The fierceness with which they started to govern, the control over the State Agency for National Security (SANS) which they had obtained literally for hours through the express change in the law and the express election of its head, albeit withdrawn, is continuing in other areas. There are such appointments every day and "scandalous" and "controversial" are very mild words for them. People who are being appointed to certain positions have scandalous biography and this is continuing.

I think that their only motivation is to remain in power since they are very aware of the fact that the people outside are not a threat to them as long as they are cheerful and original.

Furthermore, I have noticed a tightening in the ranks of the government whose behaviour has become very arrogant. For example, the ambassadors of France and Germany came out with a quite unprecedented joint letter in which they actually support the protesters and the President's position. The reaction of part of the government was like in 1983. They described the letter as interference in the internal affairs of Bulgaria.

The gap which I previously mentioned is becoming even greater. One of the sides is governing without ever being interested in the others whereas, on the other hand, the protesters are not ready to compromise.

What will the outcome of the protests be in your opinion? Formally speaking, we can say that they have succeeded since Delian Peevski’s appointment was withdrawn. However, the goals have gradually increased. Which of them could be implemented in practice in order for the people to unite around it and to achieve it?

In fact, the goal of the protest has not been achieved because, from the first evening, the people have been shouting "resignation" outside the building of the Council of Ministers. They are demanding the resignation of Prime Minister Oresharski and Peevski was only the reason for this demand.

Very often we hear some analysts and representatives of the government saying, "What do these cheerful and colourful people in the streets want? They do not have a specific goal." However, it is very specific, namely resignation.

From this point onwards, there are a few options at least. The first is for the government to continue to persist, which means that it will continue to take power and control. This is necessary, of course. Bulgaria needs a government.

On the other hand, my prediction is that the protests will not stop. They may subside for a while because it is summer - a season which active people use to rest. But this tension cannot just disappear. This means that the protests are likely to slightly subside and to start with renewed vigour in September. Therefore, it was clear from the outset that this government was gone. It is only a matter of time for this to happen since so many people want it to resign. A month later, however, it seems to me that this time can be surprisingly long.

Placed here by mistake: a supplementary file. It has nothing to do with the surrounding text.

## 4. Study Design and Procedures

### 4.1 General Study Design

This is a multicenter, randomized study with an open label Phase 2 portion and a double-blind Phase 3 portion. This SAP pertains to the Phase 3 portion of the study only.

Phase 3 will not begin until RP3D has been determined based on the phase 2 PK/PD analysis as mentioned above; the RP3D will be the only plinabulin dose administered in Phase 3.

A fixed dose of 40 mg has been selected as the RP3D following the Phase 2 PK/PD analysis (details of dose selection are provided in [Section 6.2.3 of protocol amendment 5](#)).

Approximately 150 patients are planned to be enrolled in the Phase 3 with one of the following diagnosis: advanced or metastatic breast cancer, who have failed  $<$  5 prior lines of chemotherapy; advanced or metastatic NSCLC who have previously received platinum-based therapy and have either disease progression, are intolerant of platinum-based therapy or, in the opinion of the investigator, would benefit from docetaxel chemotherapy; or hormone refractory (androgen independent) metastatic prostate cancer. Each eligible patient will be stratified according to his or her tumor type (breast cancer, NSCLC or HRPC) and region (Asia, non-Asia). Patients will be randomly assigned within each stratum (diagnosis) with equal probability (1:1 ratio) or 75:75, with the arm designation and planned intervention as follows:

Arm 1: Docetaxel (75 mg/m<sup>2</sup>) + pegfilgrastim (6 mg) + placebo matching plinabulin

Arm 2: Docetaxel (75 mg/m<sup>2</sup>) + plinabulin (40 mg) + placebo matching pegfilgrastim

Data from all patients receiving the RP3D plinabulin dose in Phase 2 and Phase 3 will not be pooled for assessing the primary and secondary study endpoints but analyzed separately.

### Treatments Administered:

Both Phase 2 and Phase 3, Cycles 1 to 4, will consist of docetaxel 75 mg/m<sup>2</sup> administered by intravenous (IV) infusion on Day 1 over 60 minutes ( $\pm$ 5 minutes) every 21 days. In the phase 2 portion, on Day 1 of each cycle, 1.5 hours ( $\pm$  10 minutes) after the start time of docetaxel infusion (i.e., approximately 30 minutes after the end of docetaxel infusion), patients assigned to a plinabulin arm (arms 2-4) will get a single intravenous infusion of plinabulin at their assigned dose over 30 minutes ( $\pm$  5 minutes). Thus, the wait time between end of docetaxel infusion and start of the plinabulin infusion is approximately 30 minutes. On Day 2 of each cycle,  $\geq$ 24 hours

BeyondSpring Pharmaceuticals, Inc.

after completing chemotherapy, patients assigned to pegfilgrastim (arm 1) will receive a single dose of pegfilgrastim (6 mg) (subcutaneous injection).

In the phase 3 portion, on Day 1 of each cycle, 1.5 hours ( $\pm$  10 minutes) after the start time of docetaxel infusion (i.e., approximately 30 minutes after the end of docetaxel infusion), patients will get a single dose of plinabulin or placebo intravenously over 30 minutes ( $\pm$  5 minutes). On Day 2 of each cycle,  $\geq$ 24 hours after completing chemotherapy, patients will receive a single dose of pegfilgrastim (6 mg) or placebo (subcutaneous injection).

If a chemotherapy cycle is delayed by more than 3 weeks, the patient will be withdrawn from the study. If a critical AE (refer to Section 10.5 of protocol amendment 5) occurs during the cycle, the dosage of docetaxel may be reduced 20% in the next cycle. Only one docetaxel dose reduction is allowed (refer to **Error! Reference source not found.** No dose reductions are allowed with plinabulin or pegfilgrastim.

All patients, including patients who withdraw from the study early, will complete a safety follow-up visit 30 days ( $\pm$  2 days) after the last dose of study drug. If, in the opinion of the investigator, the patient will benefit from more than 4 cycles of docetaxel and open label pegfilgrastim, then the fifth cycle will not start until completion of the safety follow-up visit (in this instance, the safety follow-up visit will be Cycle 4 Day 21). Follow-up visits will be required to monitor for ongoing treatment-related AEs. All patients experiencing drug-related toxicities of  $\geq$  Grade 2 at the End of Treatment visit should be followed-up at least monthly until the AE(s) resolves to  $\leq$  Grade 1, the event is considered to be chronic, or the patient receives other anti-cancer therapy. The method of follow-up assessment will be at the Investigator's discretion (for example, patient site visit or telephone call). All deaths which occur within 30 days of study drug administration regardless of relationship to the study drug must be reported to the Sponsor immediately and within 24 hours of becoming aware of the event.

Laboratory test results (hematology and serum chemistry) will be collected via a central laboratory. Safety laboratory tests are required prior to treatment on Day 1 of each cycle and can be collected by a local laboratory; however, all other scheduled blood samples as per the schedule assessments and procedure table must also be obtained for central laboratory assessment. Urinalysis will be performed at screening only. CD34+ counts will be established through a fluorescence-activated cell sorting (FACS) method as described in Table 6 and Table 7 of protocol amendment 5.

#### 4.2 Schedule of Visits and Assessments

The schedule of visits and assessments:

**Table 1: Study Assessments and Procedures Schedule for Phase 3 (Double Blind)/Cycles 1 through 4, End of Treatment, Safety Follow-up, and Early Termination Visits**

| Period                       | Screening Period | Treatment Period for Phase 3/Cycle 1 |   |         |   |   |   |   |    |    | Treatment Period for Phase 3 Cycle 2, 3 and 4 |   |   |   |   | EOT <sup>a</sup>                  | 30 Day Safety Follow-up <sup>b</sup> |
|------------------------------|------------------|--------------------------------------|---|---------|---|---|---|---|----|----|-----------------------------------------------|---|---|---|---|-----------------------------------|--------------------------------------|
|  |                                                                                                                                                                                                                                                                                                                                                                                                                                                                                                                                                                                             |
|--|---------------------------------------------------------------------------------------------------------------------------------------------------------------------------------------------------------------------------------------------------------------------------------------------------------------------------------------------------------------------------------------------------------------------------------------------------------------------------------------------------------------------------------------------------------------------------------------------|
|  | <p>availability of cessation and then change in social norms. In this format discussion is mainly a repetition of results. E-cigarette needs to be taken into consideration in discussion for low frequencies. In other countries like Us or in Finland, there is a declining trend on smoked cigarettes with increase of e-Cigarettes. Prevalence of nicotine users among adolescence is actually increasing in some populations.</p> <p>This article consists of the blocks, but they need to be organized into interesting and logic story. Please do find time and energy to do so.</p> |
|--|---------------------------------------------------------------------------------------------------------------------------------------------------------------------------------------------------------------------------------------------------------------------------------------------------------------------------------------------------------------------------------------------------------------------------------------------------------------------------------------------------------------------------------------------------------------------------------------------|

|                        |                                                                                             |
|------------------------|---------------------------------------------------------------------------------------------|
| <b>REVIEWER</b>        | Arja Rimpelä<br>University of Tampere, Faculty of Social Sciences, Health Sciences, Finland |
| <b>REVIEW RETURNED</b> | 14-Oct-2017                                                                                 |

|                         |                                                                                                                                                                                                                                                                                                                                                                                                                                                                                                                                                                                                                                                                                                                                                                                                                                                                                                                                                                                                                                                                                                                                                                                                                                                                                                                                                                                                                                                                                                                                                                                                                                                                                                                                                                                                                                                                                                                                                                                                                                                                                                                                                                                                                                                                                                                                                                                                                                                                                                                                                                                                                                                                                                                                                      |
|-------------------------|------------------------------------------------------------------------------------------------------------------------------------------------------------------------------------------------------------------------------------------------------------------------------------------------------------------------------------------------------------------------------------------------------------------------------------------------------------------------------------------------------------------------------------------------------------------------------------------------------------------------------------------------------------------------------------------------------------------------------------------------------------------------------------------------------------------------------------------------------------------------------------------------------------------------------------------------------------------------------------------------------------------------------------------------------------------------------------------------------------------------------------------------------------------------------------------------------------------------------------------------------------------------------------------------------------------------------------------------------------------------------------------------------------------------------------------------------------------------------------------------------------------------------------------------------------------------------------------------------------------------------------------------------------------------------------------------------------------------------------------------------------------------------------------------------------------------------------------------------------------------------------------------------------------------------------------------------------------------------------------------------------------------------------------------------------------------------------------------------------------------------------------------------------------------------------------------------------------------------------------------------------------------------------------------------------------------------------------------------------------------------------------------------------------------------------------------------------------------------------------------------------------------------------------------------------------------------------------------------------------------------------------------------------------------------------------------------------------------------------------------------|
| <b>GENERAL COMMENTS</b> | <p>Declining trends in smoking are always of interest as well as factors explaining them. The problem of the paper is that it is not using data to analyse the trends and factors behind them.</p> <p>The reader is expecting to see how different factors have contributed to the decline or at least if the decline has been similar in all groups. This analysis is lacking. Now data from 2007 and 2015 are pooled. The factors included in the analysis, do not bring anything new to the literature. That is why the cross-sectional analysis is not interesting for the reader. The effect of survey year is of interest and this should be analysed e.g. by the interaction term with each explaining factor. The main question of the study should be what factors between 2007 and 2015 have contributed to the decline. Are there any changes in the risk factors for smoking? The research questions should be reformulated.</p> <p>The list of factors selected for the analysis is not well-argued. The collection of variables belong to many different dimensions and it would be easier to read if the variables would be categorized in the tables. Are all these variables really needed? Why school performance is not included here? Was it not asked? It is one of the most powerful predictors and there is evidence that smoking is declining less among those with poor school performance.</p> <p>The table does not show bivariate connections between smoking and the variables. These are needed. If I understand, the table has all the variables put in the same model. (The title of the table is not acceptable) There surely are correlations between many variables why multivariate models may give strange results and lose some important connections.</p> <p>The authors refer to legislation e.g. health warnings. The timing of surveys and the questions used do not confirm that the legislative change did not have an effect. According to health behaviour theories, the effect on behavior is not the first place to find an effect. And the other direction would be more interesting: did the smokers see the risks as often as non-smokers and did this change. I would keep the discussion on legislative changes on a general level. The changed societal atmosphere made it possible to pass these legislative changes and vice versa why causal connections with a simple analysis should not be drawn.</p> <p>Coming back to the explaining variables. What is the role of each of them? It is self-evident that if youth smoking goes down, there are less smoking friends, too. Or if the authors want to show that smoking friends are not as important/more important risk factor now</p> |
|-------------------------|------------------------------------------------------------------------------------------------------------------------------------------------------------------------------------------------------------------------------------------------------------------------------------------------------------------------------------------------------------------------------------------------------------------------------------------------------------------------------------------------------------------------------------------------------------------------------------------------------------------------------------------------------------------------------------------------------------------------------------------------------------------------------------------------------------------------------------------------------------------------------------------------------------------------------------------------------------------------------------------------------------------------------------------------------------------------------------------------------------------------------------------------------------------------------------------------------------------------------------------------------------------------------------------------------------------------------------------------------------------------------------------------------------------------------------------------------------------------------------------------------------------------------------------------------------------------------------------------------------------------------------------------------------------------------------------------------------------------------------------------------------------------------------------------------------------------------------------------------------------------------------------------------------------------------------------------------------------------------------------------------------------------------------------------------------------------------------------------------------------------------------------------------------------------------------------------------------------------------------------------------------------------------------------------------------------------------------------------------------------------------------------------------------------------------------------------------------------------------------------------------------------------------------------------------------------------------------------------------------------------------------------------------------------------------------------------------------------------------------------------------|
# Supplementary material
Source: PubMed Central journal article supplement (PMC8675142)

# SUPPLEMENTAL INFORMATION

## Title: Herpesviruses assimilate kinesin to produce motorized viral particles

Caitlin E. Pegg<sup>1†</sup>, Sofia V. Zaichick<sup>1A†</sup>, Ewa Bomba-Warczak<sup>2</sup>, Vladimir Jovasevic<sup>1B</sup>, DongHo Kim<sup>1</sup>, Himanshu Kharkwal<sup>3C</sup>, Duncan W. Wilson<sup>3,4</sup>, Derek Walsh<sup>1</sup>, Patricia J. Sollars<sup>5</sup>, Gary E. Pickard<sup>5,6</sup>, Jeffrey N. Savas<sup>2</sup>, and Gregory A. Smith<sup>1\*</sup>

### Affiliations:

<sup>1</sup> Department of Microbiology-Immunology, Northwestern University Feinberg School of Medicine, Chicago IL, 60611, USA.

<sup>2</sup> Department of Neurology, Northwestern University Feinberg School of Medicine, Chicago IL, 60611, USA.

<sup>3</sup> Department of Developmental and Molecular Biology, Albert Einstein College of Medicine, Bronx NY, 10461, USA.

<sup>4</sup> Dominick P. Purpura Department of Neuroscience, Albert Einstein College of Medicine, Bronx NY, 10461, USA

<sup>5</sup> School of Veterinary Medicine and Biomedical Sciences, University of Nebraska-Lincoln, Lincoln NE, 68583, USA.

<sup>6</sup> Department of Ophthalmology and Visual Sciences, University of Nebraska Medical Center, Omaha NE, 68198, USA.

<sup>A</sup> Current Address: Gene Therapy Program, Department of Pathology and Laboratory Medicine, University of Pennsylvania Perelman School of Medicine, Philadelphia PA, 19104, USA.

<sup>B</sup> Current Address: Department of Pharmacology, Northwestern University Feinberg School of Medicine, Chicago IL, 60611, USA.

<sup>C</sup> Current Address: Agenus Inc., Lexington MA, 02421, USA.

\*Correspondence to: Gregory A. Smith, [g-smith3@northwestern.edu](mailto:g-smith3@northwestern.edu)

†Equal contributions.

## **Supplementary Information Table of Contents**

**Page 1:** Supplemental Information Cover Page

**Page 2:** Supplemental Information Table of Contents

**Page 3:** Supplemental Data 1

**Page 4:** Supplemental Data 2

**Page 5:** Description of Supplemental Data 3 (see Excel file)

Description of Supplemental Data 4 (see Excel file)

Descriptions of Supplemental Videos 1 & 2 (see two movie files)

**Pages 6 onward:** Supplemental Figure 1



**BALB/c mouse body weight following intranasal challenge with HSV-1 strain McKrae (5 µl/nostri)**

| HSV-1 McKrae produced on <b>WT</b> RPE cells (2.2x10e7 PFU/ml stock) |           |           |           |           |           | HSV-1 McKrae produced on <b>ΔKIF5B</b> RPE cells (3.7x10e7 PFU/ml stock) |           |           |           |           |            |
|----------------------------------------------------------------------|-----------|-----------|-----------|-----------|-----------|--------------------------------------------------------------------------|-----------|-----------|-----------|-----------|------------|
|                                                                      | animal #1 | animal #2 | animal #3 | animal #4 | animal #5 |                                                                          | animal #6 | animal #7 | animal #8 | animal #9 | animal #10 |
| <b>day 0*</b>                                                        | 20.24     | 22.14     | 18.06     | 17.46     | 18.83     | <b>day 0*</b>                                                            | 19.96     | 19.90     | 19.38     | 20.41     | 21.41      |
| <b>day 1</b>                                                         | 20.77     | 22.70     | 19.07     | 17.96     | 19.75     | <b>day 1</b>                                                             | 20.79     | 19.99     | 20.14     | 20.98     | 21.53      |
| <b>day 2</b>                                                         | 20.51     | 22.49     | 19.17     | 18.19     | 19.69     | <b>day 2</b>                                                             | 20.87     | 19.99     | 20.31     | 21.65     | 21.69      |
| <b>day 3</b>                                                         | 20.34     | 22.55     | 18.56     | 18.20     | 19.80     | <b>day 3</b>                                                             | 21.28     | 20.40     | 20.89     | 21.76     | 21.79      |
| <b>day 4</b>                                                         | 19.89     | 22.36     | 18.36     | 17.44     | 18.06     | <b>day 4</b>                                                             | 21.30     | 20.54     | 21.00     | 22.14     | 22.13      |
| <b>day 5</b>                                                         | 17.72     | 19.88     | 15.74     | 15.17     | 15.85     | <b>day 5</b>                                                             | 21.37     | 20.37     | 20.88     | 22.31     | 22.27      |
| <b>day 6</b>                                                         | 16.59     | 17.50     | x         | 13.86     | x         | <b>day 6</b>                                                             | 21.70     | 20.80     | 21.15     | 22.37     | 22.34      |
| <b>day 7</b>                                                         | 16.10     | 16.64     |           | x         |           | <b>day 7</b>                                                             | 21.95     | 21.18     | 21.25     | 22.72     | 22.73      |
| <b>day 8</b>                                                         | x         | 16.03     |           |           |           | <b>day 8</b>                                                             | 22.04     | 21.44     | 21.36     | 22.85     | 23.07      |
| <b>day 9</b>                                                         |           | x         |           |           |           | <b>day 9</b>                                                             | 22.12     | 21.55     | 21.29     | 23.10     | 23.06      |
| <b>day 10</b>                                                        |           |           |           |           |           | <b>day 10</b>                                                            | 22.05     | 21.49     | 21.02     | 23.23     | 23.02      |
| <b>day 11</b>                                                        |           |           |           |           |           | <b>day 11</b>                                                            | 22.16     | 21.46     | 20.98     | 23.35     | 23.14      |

How would you comment on Edvin Sugarev’s hunger strike? What is the point of this kind of protest?

Let me not comment on this topic. This is a very serious personal decision and I do not feel comfortable commenting on it.
 
What is your opinion of what you have already mentioned, namely that several ambassadors of European countries have openly expressed their position in support of the protests? How do you define the response of the government that this is interference in Bulgaria’s internal affairs?

I would define it as inadequate. Bulgaria is part of the European Union. Over the past 20 years, the declared goal of all Bulgarian governments has been for the country to be a part of it and share the same values. Bulgaria has signed a pile of documents that establish the rule of law, democracy, etc. So, I do not know why some are surprised by this position. Someone has to defend the values ​​for which the European Union exists. Once you do not see anyone in the government to do so, the ambassadors are completely right.

But even if we look at the matter from a more cynical angle, this is about the money of the taxpayers and they mention this in their letter. This is because the majority of European Union (EU) funds that come to Bulgaria have been taken from the pockets of Germans and Frenchmen. And when you have an oligarchic model of government and much of the EU funds go to certain companies associated with certain parties that are in power, then they are perfectly right to ask where their money goes and why the ordinary citizens of Germany and France who are working and paying for their taxes should feed the mafia in Bulgaria. The question is reasonable.

How do the Bulgarian media cover the protests? Reading them, one thinks that the articles are about two different countries. What is your comment on the way in which different media present the same events?